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As part of our Voices series, the presiding bishop of the Episcopal Church is reflecting on his viral moment and newfound celebrity — and also sharing his best relationship advice, highlights from the year and an update on his health, months after he revealed he had prostate cancer.
It was really a joy to be at the royal wedding and participate in it. (Prince Harry and Meghan, Duchess of Sussex) sent me a very lovely letter and thank you. Now they go on and live their lives. My job is to bless them from their nest and then they go off and fly on their own.
And I came through prostate surgery and came through it well, and that was a joy. I'm good — had good doctors, good prayers, good people, good family. Put it all together and it spells love.
I'm a people person. The more I'm around people and conversation about stuff that really matters — and stuff that doesn't; I'm a lifelong Buffalo Bills fan, so anyone who's willing to talk about the Bills, I'll talk to them all day about that — but to be in conversation with folks about stuff that does matter ... I'm basically a pastor at heart. That's what I've been doing for almost 40 years now. That's what I love to do. I'm an extrovert. I feed off the energy that's around. That's who I am. We're all different. My wife is an introvert.
I was surprised by all the attention after the royal wedding. I really didn't expect that. But what I've been more surprised by has been that what resonated was the message of love. It wasn't me. I mean, I delivered it. But it was actually the message of love. That's what people have stopped me on the street or at the airport to talk about — after we take the selfie, of course. People ask me, "Well, how do you do it? How do you actually live a life that's defined and shaped by love? How do you practically do it?"
And then sometimes people ask me, especially younger people, "Can it really work? Does it really work?" And those are deeper questions. That's getting at the heart of the message, and that's a wonderful surprise, because I wanted the message to get out.
I know for a fact that the way of love can work. The truth is, it's the only way that works, that provides lasting and durable and healthy change. There has never been any kind of change for the good of human society that hasn't been shaped by the people who passionately believe in doing the good, not just for themselves, but for the wider good — and that's love, in a social context.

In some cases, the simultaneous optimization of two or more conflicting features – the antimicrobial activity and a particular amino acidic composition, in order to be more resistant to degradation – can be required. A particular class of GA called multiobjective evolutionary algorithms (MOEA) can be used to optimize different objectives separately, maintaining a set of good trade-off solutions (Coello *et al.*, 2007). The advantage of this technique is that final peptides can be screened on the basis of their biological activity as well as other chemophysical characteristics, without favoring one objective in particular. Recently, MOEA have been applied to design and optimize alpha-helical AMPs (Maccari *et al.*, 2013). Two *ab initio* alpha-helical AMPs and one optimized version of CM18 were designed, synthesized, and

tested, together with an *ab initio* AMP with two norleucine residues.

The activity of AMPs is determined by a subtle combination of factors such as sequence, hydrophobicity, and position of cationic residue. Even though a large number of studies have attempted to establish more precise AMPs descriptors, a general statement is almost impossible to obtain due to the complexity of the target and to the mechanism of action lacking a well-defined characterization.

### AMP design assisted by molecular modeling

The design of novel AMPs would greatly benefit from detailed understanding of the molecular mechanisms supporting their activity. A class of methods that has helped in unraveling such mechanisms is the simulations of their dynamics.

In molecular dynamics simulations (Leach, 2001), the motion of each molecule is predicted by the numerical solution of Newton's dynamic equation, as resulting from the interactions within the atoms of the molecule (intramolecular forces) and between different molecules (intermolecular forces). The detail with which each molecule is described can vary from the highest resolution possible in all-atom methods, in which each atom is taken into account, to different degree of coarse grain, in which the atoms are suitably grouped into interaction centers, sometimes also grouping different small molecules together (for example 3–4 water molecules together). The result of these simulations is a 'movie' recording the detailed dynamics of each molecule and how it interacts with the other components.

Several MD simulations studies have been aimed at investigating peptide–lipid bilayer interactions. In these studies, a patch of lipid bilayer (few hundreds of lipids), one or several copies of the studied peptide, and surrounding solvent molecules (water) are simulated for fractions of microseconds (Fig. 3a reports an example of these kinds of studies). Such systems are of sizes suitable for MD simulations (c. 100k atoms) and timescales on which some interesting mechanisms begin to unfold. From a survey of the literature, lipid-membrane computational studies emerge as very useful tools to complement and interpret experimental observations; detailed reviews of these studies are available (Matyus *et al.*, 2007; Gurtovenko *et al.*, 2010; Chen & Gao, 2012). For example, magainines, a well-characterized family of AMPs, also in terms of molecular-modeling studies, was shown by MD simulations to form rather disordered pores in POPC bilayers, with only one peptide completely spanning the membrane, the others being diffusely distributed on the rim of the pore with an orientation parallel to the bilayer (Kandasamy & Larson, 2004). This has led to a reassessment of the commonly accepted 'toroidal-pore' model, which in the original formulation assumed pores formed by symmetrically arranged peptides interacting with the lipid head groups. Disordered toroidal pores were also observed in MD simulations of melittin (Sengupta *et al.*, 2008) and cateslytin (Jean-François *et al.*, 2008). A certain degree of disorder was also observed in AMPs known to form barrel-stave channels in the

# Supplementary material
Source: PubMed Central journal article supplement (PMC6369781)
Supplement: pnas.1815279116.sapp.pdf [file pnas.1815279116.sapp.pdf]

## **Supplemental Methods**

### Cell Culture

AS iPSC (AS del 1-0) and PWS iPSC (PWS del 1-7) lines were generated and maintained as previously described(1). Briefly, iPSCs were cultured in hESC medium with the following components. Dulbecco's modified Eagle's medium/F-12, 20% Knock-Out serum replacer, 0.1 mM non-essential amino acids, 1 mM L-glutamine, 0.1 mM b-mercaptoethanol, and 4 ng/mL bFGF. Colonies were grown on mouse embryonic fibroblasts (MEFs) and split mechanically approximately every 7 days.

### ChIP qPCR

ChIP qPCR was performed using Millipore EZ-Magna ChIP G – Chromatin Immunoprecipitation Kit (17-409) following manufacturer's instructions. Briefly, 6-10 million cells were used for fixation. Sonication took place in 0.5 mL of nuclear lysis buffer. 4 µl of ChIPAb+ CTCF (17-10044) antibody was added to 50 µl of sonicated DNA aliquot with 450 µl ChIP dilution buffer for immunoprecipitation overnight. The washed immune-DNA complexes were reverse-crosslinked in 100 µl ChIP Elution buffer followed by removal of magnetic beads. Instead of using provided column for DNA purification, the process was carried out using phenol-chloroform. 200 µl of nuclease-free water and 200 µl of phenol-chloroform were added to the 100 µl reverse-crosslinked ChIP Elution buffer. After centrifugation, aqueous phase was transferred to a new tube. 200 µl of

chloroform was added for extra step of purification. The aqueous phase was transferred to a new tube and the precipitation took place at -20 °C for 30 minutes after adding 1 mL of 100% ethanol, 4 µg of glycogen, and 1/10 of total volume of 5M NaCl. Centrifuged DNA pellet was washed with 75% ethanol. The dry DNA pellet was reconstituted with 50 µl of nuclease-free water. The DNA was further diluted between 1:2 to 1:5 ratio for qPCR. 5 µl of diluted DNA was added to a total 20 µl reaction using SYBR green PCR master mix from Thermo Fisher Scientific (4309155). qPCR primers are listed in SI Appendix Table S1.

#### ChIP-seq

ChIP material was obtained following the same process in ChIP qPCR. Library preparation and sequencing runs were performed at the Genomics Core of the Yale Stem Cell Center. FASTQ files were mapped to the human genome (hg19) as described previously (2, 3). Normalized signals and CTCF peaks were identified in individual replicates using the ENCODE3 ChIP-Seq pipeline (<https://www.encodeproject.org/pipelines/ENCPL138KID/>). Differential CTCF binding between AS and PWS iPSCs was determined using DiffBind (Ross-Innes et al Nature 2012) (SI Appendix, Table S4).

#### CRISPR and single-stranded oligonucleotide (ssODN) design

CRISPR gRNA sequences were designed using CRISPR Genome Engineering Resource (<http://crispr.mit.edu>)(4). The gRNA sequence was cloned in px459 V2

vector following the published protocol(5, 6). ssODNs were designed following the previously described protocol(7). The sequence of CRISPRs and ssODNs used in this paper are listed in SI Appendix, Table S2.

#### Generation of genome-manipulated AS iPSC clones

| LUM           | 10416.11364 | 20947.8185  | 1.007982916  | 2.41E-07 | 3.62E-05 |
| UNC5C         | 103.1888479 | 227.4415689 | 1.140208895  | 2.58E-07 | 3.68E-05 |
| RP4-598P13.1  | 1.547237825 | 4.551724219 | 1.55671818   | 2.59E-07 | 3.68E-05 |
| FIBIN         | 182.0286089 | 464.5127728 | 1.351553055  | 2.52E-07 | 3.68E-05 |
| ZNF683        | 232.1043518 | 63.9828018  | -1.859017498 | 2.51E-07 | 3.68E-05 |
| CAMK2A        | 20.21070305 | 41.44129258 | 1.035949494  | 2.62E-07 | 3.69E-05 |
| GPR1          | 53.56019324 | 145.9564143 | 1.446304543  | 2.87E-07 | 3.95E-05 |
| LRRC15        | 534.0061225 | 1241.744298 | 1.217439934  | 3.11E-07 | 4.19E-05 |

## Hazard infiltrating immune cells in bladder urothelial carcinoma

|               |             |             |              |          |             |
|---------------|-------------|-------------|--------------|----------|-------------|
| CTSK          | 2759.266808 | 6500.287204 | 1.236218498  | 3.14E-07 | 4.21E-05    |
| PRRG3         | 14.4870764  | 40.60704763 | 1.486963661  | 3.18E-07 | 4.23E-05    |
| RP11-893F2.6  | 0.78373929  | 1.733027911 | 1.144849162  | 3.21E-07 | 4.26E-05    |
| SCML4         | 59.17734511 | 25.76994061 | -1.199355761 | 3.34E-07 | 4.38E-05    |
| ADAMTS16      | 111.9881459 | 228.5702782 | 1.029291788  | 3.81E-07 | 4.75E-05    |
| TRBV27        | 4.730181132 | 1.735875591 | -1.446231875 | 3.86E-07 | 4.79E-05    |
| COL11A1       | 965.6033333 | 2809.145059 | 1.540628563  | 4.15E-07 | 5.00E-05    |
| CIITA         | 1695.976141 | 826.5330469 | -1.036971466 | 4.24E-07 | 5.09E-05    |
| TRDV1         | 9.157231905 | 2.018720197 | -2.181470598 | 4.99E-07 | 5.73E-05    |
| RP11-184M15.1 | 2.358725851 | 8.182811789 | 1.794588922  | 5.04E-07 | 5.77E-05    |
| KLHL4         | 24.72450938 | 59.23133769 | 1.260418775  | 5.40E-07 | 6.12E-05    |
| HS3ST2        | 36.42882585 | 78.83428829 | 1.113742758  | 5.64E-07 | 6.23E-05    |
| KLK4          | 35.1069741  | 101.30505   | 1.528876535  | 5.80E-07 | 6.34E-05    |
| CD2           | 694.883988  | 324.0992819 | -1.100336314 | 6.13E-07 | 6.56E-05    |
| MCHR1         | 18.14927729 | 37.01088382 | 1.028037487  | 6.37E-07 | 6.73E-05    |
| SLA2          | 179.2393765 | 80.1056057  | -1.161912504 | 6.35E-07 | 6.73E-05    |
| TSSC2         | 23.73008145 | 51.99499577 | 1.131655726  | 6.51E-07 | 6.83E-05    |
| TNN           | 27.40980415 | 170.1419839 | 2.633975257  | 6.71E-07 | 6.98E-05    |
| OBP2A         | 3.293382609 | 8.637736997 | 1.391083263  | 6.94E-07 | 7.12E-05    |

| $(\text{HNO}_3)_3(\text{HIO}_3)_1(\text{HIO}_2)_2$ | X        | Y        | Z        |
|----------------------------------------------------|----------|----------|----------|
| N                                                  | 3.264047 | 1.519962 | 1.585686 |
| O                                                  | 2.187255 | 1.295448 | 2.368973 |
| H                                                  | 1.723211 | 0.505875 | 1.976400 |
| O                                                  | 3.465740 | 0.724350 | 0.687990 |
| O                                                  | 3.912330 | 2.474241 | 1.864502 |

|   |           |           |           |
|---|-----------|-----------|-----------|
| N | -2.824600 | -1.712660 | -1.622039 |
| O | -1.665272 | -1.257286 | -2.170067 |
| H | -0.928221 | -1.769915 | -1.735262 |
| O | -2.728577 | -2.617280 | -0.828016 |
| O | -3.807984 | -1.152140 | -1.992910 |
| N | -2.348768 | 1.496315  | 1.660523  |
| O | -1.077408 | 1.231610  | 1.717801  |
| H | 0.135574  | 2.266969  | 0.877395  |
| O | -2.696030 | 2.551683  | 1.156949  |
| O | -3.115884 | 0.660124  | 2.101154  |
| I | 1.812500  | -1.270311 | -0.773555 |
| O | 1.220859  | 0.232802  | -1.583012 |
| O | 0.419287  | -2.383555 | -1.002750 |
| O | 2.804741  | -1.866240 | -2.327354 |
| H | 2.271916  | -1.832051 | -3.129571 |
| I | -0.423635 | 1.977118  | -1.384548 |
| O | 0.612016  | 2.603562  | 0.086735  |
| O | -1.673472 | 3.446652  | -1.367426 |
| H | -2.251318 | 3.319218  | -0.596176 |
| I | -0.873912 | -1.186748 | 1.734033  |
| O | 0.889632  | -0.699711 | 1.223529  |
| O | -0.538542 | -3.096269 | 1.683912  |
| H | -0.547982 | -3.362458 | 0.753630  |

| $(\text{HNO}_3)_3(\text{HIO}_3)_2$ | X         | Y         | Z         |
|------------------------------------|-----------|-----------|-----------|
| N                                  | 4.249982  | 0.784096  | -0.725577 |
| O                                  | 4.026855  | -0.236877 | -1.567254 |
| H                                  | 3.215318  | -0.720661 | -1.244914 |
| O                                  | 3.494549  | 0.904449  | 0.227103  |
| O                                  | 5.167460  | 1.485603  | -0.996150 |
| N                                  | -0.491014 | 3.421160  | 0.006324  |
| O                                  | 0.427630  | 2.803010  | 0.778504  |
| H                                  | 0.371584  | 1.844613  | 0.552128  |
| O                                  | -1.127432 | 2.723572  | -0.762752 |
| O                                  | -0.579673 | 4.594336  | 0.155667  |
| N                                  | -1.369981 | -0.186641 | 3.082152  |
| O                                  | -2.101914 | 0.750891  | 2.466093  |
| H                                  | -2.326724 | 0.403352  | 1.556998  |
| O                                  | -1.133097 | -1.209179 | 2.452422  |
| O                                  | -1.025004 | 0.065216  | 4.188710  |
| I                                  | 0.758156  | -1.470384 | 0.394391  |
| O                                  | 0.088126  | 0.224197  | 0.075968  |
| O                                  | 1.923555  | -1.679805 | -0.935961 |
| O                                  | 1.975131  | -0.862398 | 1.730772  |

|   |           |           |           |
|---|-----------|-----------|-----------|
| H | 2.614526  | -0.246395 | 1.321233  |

Whether it's Mahatma Gandhi, Mother Teresa, Martin King, Desmond Tutu, Nelson Mandela, Eleanor Roosevelt — you can go through the list of people who have shaped human history for the good, and they've always been moved by a love for the common good, a love for humanity, a love for people, a love for the planet. If you believe we can be better, that's a form of love.
It's true for us as individuals. If I have time to talk to somebody, I say, "Who is someone who has affected your life for the good?" I guarantee you that they did it because of you. They were focused on your good and your well-being, not just on themselves. If they were focused on themselves, they wouldn't pay any attention to you. Which is why I say the opposite of love isn't hate — the opposite of love is selfishness. Love is selfless giving. It's seeking the good and the welfare of others. And when that happens, that's a game-changer, both for the others and for the self. The miracle is that a selfless life discovers the real self. You actually gain more by giving more. Doesn't mean it's easy, but it's the key to life.
The key to any marriage or any relationship is moving beyond self-centeredness to a selflessness that seeks the good of the other. If two people can do that, they can make it work, no matter what comes at them. Life is crazy, it's up and down like that old Frank Sinatra song — you're riding high in April, shot down in May — that's life. But if you've got your relationship — a selfless relationship that's continually looking at the other and they're looking at you — both of you get blessed.
This interview has been edited and condensed for clarity. As told to Rheana Murray.